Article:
Breastfeeding Made Simple
Learn the importance and benefits of breastfeeding, and discover the resources available to families for a successful experience.
This class is offered on the first Monday of each month for expecting parents. This is a perfect addition to the Childbirth in a Nutshell class or as a refresher. (This class is a part of the curriculum for the six-week childbirth class.)
- Debbi Foss, RN, IBCLC, Certified Lactation Consultant
- Sandy Beale, RN, CLC, ICCE, Certified Lactation Counselor
Professional Office Building
711 13th Street East
Whitefish, MT 59937
Classes are free. Please call (406) 863-3535 to register.
View calendar for dates >
Ten Steps to Successful Breastfeeding
North Valley Hospital upholds the World Health Organization/UNICEF “Ten Steps to Successful Breastfeeding” published in a joint statement entitled “Protecting, Promoting and Supporting Breastfeeding: The Special Role of Maternity Services.”
Every facility providing maternity services and care for newborn infants should:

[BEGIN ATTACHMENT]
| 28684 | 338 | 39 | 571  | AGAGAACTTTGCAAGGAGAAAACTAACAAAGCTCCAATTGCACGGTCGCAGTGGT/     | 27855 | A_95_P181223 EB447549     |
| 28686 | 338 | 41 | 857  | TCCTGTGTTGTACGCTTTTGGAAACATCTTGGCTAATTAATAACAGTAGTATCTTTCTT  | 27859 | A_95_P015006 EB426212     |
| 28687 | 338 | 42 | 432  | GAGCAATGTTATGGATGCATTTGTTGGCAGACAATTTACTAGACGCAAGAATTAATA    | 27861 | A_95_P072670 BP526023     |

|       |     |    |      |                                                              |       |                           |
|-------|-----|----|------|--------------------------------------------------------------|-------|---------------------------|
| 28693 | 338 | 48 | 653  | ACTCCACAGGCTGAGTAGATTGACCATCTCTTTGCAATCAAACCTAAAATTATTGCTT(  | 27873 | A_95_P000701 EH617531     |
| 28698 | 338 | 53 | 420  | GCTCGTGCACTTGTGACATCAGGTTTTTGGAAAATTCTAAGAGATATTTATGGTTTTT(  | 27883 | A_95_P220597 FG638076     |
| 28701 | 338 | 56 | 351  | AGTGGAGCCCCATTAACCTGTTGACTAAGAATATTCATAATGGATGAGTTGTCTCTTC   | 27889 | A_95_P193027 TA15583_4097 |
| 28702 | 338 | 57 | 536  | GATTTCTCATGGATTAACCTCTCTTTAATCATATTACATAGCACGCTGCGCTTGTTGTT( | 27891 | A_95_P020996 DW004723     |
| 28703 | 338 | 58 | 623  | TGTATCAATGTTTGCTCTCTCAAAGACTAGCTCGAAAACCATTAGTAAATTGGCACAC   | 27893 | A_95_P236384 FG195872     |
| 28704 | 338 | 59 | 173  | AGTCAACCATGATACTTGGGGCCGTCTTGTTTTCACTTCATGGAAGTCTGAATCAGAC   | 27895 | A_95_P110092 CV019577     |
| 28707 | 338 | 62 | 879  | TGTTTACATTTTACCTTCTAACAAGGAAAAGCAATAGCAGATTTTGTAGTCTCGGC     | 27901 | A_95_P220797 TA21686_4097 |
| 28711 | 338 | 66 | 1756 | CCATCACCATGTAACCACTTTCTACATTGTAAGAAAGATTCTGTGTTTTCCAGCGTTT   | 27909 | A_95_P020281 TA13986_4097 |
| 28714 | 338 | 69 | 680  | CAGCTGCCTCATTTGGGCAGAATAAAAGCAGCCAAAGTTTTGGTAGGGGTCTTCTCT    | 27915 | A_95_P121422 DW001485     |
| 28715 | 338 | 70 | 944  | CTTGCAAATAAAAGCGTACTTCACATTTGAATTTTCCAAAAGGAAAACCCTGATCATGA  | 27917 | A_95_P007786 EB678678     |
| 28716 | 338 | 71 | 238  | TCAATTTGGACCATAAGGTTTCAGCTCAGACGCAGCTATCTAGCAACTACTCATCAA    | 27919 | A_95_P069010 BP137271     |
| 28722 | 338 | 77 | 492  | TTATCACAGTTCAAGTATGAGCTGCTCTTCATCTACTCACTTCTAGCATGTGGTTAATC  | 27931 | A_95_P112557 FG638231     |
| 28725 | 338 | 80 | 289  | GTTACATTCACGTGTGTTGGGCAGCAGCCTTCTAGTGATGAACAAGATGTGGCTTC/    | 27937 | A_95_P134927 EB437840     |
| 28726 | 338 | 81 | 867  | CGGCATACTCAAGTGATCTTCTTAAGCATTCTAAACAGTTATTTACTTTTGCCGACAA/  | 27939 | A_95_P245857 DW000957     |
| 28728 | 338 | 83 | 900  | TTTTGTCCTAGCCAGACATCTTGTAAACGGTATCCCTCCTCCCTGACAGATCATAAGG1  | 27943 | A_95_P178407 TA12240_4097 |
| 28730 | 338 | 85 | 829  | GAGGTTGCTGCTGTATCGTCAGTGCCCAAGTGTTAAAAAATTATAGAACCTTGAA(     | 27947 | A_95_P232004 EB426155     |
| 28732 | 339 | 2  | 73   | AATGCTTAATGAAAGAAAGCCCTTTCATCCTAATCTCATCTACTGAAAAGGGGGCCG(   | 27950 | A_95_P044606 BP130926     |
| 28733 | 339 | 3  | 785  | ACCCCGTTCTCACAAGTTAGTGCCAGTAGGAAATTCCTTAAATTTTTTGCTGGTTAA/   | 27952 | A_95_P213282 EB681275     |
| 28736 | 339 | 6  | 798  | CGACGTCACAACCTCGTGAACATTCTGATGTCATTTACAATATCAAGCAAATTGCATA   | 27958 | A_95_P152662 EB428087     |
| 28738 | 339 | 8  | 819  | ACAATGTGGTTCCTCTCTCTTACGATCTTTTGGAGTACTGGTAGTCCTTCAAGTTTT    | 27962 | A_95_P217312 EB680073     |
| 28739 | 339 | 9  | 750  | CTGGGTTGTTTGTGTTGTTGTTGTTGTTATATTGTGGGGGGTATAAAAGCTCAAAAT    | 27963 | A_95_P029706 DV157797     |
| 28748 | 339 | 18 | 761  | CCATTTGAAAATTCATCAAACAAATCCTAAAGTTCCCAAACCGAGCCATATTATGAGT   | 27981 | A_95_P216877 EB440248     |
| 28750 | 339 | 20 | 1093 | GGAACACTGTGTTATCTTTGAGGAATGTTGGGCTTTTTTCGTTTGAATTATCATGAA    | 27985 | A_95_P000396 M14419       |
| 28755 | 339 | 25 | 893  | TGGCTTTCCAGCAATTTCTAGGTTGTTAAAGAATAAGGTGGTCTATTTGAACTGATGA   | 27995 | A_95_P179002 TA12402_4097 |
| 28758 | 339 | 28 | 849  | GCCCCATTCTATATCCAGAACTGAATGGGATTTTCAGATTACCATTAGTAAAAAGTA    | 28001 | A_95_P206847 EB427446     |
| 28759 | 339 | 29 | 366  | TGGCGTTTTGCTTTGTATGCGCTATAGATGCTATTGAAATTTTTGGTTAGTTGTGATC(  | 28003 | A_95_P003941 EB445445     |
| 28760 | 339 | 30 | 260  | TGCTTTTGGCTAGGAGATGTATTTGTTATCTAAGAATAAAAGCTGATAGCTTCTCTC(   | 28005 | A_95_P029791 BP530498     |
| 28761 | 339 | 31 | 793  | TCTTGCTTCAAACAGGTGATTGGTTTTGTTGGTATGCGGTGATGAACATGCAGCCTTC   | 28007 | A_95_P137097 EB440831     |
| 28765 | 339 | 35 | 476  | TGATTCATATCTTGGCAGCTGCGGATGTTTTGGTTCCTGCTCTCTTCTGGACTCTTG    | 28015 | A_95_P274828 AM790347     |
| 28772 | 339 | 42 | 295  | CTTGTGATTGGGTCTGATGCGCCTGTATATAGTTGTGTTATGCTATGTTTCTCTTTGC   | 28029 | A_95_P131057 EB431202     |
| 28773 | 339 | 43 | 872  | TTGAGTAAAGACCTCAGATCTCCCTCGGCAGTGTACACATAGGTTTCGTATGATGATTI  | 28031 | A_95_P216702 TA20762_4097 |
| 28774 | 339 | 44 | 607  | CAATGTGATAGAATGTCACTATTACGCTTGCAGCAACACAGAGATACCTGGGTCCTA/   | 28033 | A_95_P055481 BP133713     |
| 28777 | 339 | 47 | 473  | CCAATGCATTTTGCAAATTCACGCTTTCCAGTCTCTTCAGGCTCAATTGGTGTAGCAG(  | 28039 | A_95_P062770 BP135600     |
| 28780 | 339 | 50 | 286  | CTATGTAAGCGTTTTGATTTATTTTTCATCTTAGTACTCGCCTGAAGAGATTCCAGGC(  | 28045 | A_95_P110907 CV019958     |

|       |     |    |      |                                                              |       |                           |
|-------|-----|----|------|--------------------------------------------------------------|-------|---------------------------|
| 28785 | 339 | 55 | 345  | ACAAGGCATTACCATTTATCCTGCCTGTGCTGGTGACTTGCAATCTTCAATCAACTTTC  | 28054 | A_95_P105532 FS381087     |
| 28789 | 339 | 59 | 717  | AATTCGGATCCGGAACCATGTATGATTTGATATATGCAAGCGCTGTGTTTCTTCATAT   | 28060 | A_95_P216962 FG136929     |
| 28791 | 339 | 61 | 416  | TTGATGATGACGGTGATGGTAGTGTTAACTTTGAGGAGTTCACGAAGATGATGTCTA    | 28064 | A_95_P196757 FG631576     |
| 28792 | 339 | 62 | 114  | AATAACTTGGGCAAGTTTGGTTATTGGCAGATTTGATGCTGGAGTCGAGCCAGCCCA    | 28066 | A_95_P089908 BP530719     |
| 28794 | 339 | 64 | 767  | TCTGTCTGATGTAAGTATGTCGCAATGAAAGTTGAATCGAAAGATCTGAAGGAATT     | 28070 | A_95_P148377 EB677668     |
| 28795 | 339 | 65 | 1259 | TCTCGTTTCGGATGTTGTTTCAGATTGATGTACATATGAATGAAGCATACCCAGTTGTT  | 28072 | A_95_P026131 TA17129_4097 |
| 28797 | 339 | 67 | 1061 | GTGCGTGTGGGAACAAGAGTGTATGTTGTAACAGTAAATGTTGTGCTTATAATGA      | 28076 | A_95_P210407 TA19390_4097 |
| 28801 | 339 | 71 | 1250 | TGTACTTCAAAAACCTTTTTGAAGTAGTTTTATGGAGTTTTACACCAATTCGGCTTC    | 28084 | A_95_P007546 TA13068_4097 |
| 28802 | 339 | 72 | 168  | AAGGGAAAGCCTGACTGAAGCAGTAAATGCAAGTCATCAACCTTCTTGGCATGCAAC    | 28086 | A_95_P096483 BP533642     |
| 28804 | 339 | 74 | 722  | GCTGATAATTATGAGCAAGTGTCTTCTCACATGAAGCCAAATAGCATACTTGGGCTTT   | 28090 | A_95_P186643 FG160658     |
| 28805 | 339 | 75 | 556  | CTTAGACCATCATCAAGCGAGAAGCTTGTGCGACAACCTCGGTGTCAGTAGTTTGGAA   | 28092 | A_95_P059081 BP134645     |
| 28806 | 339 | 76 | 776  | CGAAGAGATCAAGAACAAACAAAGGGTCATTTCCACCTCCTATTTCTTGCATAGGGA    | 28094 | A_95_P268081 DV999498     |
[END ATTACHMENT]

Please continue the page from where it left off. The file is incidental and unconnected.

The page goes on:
- Have a written breastfeeding policy that is routinely communicated to all health care staff.
- Train all health care staff in the skills necessary to implement this policy.
- Inform all pregnant women about the benefits and management of breastfeeding.
- Help mothers initiate breastfeeding within one hour of birth.
- Show mothers how to breastfeed and how to maintain lactation even if they are separated from their infants.
- Give infants no food or drink other than breast milk, unless medically indicated.
- Practice rooming-in – allow mothers and infants to remain together 24 hours a day.
- Encourage breastfeeding on demand.
- Give no pacifiers or artificial nipples to breastfeeding infants.
- Foster the establishment of breastfeeding support groups and refer mothers to them on discharge from the hospital or birth center.
The Ten Steps to Successful Breastfeeding form the basis of the Baby-Friendly Hospital Initiative, a worldwide breastfeeding quality improvement project created by the World Health Organization (WHO) and the United Nations Children’s Fund (UNICEF).
Baby-Friendly hospitals and birth centers also uphold the International Code of Marketing of Breast Milk Substitutes by offering parents support, education and educational materials that promote the use of human milk rather than other infant food or drinks, and by refusing to accept or distribute free or subsidized supplies of breast milk substitutes, nipples and other feeding devices.